Objectives of the study

The current study aims to analyze the impact of medical and behavioral needs on overall support needs in a sample of children with IDD. Consistent with other studies, we expect that a higher intensity of medical and behavioral support needs will lead to greater support needs overall. However, our goal is to investigate the nature of this relationship (i.e., whether it is linear or nonlinear) and to identify differences in the impact of exceptional needs across different domains of support. We also aim to analyze the effects of medical and behavioral needs on support need scores separately by considering different intensity groups (i.e., no needs, low needs, moderate needs, and high needs).

Materials & Methods


The voluntary collaboration of centers and entities specialized in IDD was requested. The selection criteria included the provision of support services to (a) children and adolescents between the ages of 5 and 16, and (b) having an IDD diagnosis.

The sample was composed of 911 children and adolescents (ages ranging from 5–16 years, M = 11.15, SD = 3.42), and predominantly male participants (61.91%). Most of the individuals lived with their parents (95.28%) and attended special education schools (67.18%). They belonged to 13 Spanish regions, including Castile and Leon (23.27%), Andalusia (15.70%), and the Community of Madrid (13.50%); their native language was Spanish (93.96%).

All participants had an intellectual disability, 44.24% of them as the primary diagnosis (Table 1). Intellectual disability was concomitant with cerebral palsy, autism, or sensory disability in 38.53% of cases, and three conditions were present in the 16.79% of children. Levels of intellectual functioning were collected from the children’s medical records.

Table 1:
Descriptive statistics for the children characteristics (n = 911).
Variables n (%)
Male 564 (61.91%)
Female 347 (38.09%)
Age cohorts
5–6 121 (13.28%)
7–8 121 (13.28%)
9–10 119 (13.06%)
11–12 165 (18.11%)
13–14 214 (23.49%)
15–16 171 (18.77%)
Home setting
Family home 868 (95.28%)
Others (residential homes, etc.) 35 (3.62%)
Missing data 10 (1.10%)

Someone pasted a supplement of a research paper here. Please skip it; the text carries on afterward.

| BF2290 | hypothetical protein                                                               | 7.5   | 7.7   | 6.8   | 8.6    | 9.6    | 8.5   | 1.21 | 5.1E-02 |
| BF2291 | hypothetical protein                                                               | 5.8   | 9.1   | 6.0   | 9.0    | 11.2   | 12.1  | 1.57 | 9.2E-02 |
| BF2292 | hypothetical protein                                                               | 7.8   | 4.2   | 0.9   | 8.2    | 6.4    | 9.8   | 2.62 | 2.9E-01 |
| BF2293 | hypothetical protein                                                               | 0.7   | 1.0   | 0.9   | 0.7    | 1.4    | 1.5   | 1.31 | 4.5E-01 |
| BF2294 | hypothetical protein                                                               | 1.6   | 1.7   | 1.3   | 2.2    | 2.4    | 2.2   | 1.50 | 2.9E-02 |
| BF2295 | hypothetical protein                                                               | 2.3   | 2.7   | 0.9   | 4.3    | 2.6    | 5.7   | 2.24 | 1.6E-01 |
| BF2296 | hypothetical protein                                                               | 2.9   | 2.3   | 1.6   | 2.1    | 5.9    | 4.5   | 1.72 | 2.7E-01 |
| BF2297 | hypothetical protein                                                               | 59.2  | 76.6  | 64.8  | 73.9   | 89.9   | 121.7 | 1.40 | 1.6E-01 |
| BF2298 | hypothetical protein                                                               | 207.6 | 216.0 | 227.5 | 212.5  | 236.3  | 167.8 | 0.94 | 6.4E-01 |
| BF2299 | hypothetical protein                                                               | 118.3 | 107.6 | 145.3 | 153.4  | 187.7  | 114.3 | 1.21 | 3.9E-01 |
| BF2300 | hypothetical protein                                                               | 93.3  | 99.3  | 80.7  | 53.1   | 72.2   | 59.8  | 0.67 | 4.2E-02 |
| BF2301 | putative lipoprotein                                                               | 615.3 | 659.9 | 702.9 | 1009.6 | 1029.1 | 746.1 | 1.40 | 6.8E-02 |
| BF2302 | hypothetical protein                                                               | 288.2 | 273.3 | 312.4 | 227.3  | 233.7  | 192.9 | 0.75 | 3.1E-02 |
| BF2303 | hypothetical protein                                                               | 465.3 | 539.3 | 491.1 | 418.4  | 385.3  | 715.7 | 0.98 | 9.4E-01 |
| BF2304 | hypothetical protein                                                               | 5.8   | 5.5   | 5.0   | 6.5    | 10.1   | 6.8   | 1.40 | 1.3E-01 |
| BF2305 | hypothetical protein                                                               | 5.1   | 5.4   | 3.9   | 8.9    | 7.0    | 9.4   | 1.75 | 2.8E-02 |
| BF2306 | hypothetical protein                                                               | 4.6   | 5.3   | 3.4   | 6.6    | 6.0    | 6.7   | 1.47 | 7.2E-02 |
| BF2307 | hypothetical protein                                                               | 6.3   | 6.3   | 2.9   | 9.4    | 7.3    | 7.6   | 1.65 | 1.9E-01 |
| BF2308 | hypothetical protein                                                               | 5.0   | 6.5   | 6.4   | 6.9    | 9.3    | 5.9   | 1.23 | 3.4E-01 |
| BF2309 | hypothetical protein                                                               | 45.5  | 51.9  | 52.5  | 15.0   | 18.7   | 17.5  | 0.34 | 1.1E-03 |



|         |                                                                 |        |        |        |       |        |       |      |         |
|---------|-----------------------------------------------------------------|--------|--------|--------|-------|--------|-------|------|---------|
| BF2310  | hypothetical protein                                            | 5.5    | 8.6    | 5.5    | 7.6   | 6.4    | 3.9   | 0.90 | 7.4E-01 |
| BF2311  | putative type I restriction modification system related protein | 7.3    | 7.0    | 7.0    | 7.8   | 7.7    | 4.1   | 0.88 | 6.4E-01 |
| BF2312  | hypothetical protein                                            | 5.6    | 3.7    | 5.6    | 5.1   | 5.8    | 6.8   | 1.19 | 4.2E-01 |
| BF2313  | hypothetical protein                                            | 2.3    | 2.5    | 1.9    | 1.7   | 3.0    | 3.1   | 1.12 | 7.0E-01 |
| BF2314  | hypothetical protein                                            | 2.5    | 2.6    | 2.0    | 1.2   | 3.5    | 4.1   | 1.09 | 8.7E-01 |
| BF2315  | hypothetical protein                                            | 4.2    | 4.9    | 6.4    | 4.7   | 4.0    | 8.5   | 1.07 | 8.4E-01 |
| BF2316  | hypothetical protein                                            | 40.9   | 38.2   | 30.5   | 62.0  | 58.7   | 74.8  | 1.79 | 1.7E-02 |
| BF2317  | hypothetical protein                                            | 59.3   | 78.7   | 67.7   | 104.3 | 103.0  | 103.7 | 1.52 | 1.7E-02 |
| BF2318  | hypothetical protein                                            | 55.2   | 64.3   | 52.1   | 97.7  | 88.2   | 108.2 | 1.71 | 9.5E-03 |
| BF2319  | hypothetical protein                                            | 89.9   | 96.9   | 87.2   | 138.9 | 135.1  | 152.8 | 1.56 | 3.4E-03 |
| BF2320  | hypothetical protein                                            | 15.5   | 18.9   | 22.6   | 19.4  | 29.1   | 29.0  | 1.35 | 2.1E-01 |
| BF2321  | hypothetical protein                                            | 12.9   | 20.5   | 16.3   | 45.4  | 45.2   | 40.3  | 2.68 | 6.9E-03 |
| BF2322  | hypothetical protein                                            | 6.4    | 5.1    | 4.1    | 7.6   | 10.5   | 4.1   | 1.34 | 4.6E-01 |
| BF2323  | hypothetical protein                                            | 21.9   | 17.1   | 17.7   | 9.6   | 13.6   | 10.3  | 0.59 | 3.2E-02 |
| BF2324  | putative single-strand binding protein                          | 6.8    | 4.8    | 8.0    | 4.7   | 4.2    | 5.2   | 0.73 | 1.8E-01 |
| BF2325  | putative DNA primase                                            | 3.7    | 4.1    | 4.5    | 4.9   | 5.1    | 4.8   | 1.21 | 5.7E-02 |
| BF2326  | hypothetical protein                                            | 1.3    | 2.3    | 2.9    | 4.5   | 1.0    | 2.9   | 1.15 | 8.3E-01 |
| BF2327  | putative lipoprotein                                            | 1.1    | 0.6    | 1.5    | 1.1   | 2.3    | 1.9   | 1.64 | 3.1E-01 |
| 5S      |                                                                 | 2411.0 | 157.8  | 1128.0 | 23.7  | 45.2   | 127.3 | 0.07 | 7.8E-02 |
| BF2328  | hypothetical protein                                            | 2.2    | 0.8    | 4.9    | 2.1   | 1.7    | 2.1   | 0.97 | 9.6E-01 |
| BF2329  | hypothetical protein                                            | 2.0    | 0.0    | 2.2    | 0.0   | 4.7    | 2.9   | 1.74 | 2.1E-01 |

School setting
Ordinary school 162 (17.78%)
Special classroom in ordinary school 131 (14.38%)
Special education school 612 (67.18%)
Missing data 6 (0.66%)
Health condition
Intellectual disability 403 (44.24%)
Intellectual disability and cerebral palsy 135 (14.82%)
Intellectual disability and autism 176 (19.32%)
Intellectual disability and sensory limitations 40 (4.38%)
Intellectual disability, cerebral palsy and sensory limitations 145 (15.92%)
Intellectual disability, autism and sensory limitations 8 (0.88%)
Missing data 4 (0.44%)
Estimation of limitations in intellectual functioning
Mild 189 (20.75%)
Moderate 302 (33.15%)
Severe 259 (28.43%)
Profound 124 (13.61%)
Missing data 37 (4.06%)
DOI: 10.7717/peerj.9557/table-1

The information about the children’s support needs was provided by direct-care professionals, comprised mostly of teachers (64.54%), psychologists (5.82%), social educators (5.05%), and physical therapists (4.72%).


To quantify and describe the profile of support needs, we used the Supports Intensity Scale-Children’s version (SIS-C; Thompson et al., 2016) adapted to Spanish (Verdugo et al., 2014; Verdugo et al., 2016). The SIS-C is an objective tool that aims to assess the extraordinary support needs that youngsters (between 5 and 16 years old) with IDD need to participate in different activities of their daily lives successfully. The SIS-C is completed in the form of an interview by a qualified professional trained in its application, and its duration varies between 45 and 60 min. The respondents are individuals who have some sort of relationship with the child (e.g., direct care professionals or relatives), so their support needs can be estimated accurately.

The SIS-C is possibly the most widely tool used for standardized assessment of support needs (American Association on Intellectual and Developmental Disabilities, 2020). Its development emerged from a review of the scientific literature and Q-test methodology (Thompson et al., 2002; Thompson et al., 2014). The original scale analysis was performed with 4,015 students, and good psychometric properties were obtained exceeding values of .90 in Cronbach’s alpha (Thompson et al., 2016). Moreover, the structure of seven correlated support needs factors and three methods factors has been increasingly supported (Aguayo et al., 2019; Seo et al., 2016; Seo et al., 2017; Verdugo, Arias & Guillén, 2019). In all standardization studies, including those from other countries, trained professionals were responsible for collecting the participants’ data (Giné et al., 2017; Thompson et al., 2016; Verdugo et al., 2016).